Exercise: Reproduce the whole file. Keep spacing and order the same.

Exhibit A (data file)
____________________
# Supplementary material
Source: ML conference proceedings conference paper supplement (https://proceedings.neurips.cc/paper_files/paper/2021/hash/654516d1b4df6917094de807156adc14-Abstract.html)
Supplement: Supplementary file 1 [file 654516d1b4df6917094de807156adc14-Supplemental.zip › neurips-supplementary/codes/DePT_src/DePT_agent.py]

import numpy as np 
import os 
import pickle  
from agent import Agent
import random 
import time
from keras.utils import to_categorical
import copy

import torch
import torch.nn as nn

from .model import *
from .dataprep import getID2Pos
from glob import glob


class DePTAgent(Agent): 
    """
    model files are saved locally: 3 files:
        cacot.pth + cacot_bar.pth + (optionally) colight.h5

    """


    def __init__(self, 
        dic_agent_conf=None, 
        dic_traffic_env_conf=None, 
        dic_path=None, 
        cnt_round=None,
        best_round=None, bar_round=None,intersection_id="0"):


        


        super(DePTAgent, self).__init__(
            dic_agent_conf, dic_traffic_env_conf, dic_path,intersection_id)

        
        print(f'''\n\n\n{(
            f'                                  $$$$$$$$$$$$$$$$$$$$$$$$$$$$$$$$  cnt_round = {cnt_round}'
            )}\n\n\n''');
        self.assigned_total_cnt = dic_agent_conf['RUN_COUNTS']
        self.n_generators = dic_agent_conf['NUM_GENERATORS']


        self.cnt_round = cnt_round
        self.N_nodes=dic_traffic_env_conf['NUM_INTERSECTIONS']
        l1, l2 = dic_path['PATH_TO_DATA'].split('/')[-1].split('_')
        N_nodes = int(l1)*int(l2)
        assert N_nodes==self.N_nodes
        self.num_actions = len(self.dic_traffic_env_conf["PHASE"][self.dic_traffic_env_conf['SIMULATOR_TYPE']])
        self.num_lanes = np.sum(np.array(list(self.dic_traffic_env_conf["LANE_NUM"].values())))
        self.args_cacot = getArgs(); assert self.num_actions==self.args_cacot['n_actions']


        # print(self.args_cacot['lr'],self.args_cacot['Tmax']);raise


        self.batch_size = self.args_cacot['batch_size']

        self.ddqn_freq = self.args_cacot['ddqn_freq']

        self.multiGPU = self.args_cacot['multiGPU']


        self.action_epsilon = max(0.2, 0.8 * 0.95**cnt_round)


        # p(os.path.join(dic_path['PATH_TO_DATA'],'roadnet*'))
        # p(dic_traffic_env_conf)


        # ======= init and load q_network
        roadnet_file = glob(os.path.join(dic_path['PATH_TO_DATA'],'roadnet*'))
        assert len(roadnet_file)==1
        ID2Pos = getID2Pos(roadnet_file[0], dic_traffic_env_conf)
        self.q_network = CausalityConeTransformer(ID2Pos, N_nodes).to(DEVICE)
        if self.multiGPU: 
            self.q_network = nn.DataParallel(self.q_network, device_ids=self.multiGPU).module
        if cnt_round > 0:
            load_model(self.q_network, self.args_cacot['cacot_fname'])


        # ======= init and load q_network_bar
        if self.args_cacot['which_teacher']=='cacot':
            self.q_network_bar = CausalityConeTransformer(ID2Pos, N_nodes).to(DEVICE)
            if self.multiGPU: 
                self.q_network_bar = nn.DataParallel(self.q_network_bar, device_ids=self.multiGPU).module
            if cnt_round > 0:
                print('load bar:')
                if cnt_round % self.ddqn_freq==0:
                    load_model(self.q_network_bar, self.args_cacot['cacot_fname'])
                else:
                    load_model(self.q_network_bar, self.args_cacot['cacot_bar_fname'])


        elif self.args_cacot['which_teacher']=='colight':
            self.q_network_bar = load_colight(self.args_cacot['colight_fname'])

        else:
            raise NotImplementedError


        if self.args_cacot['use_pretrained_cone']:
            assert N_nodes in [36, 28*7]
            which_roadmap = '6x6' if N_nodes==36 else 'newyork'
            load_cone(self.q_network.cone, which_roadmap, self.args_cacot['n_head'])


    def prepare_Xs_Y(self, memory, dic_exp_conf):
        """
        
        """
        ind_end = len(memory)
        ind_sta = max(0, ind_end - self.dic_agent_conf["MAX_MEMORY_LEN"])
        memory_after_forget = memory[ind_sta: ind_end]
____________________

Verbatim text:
# Supplementary material
Source: ML conference proceedings conference paper supplement (https://proceedings.neurips.cc/paper_files/paper/2021/hash/654516d1b4df6917094de807156adc14-Abstract.html)
Supplement: Supplementary file 1 [file 654516d1b4df6917094de807156adc14-Supplemental.zip › neurips-supplementary/codes/DePT_src/DePT_agent.py]

import numpy as np 
import os 
import pickle  
from agent import Agent
import random 
import time
from keras.utils import to_categorical
import copy

import torch
import torch.nn as nn

from .model import *
from .dataprep import getID2Pos
from glob import glob


class DePTAgent(Agent): 
    """
    model files are saved locally: 3 files:
        cacot.pth + cacot_bar.pth + (optionally) colight.h5

    """


    def __init__(self, 
        dic_agent_conf=None, 
        dic_traffic_env_conf=None, 
        dic_path=None, 
        cnt_round=None,
        best_round=None, bar_round=None,intersection_id="0"):


        


        super(DePTAgent, self).__init__(
            dic_agent_conf, dic_traffic_env_conf, dic_path,intersection_id)

        
        print(f'''\n\n\n{(
            f'                                  $$$$$$$$$$$$$$$$$$$$$$$$$$$$$$$$  cnt_round = {cnt_round}'
            )}\n\n\n''');
        self.assigned_total_cnt = dic_agent_conf['RUN_COUNTS']
        self.n_generators = dic_agent_conf['NUM_GENERATORS']


        self.cnt_round = cnt_round
        self.N_nodes=dic_traffic_env_conf['NUM_INTERSECTIONS']
        l1, l2 = dic_path['PATH_TO_DATA'].split('/')[-1].split('_')
        N_nodes = int(l1)*int(l2)
        assert N_nodes==self.N_nodes
        self.num_actions = len(self.dic_traffic_env_conf["PHASE"][self.dic_traffic_env_conf['SIMULATOR_TYPE']])
        self.num_lanes = np.sum(np.array(list(self.dic_traffic_env_conf["LANE_NUM"].values())))
        self.args_cacot = getArgs(); assert self.num_actions==self.args_cacot['n_actions']


        # print(self.args_cacot['lr'],self.args_cacot['Tmax']);raise


        self.batch_size = self.args_cacot['batch_size']

        self.ddqn_freq = self.args_cacot['ddqn_freq']

        self.multiGPU = self.args_cacot['multiGPU']


        self.action_epsilon = max(0.2, 0.8 * 0.95**cnt_round)


        # p(os.path.join(dic_path['PATH_TO_DATA'],'roadnet*'))
        # p(dic_traffic_env_conf)


        # ======= init and load q_network
        roadnet_file = glob(os.path.join(dic_path['PATH_TO_DATA'],'roadnet*'))
        assert len(roadnet_file)==1
        ID2Pos = getID2Pos(roadnet_file[0], dic_traffic_env_conf)
        self.q_network = CausalityConeTransformer(ID2Pos, N_nodes).to(DEVICE)
        if self.multiGPU: 
            self.q_network = nn.DataParallel(self.q_network, device_ids=self.multiGPU).module
        if cnt_round > 0:
            load_model(self.q_network, self.args_cacot['cacot_fname'])


        # ======= init and load q_network_bar
        if self.args_cacot['which_teacher']=='cacot':
            self.q_network_bar = CausalityConeTransformer(ID2Pos, N_nodes).to(DEVICE)
            if self.multiGPU: 
                self.q_network_bar = nn.DataParallel(self.q_network_bar, device_ids=self.multiGPU).module
            if cnt_round > 0:
                print('load bar:')
                if cnt_round % self.ddqn_freq==0:
                    load_model(self.q_network_bar, self.args_cacot['cacot_fname'])
                else:
                    load_model(self.q_network_bar, self.args_cacot['cacot_bar_fname'])


        elif self.args_cacot['which_teacher']=='colight':
            self.q_network_bar = load_colight(self.args_cacot['colight_fname'])

        else:
            raise NotImplementedError


        if self.args_cacot['use_pretrained_cone']:
            assert N_nodes in [36, 28*7]
            which_roadmap = '6x6' if N_nodes==36 else 'newyork'
            load_cone(self.q_network.cone, which_roadmap, self.args_cacot['n_head'])


    def prepare_Xs_Y(self, memory, dic_exp_conf):
        """
        
        """
        ind_end = len(memory)
        ind_sta = max(0, ind_end - self.dic_agent_conf["MAX_MEMORY_LEN"])
        memory_after_forget = memory[ind_sta: ind_end]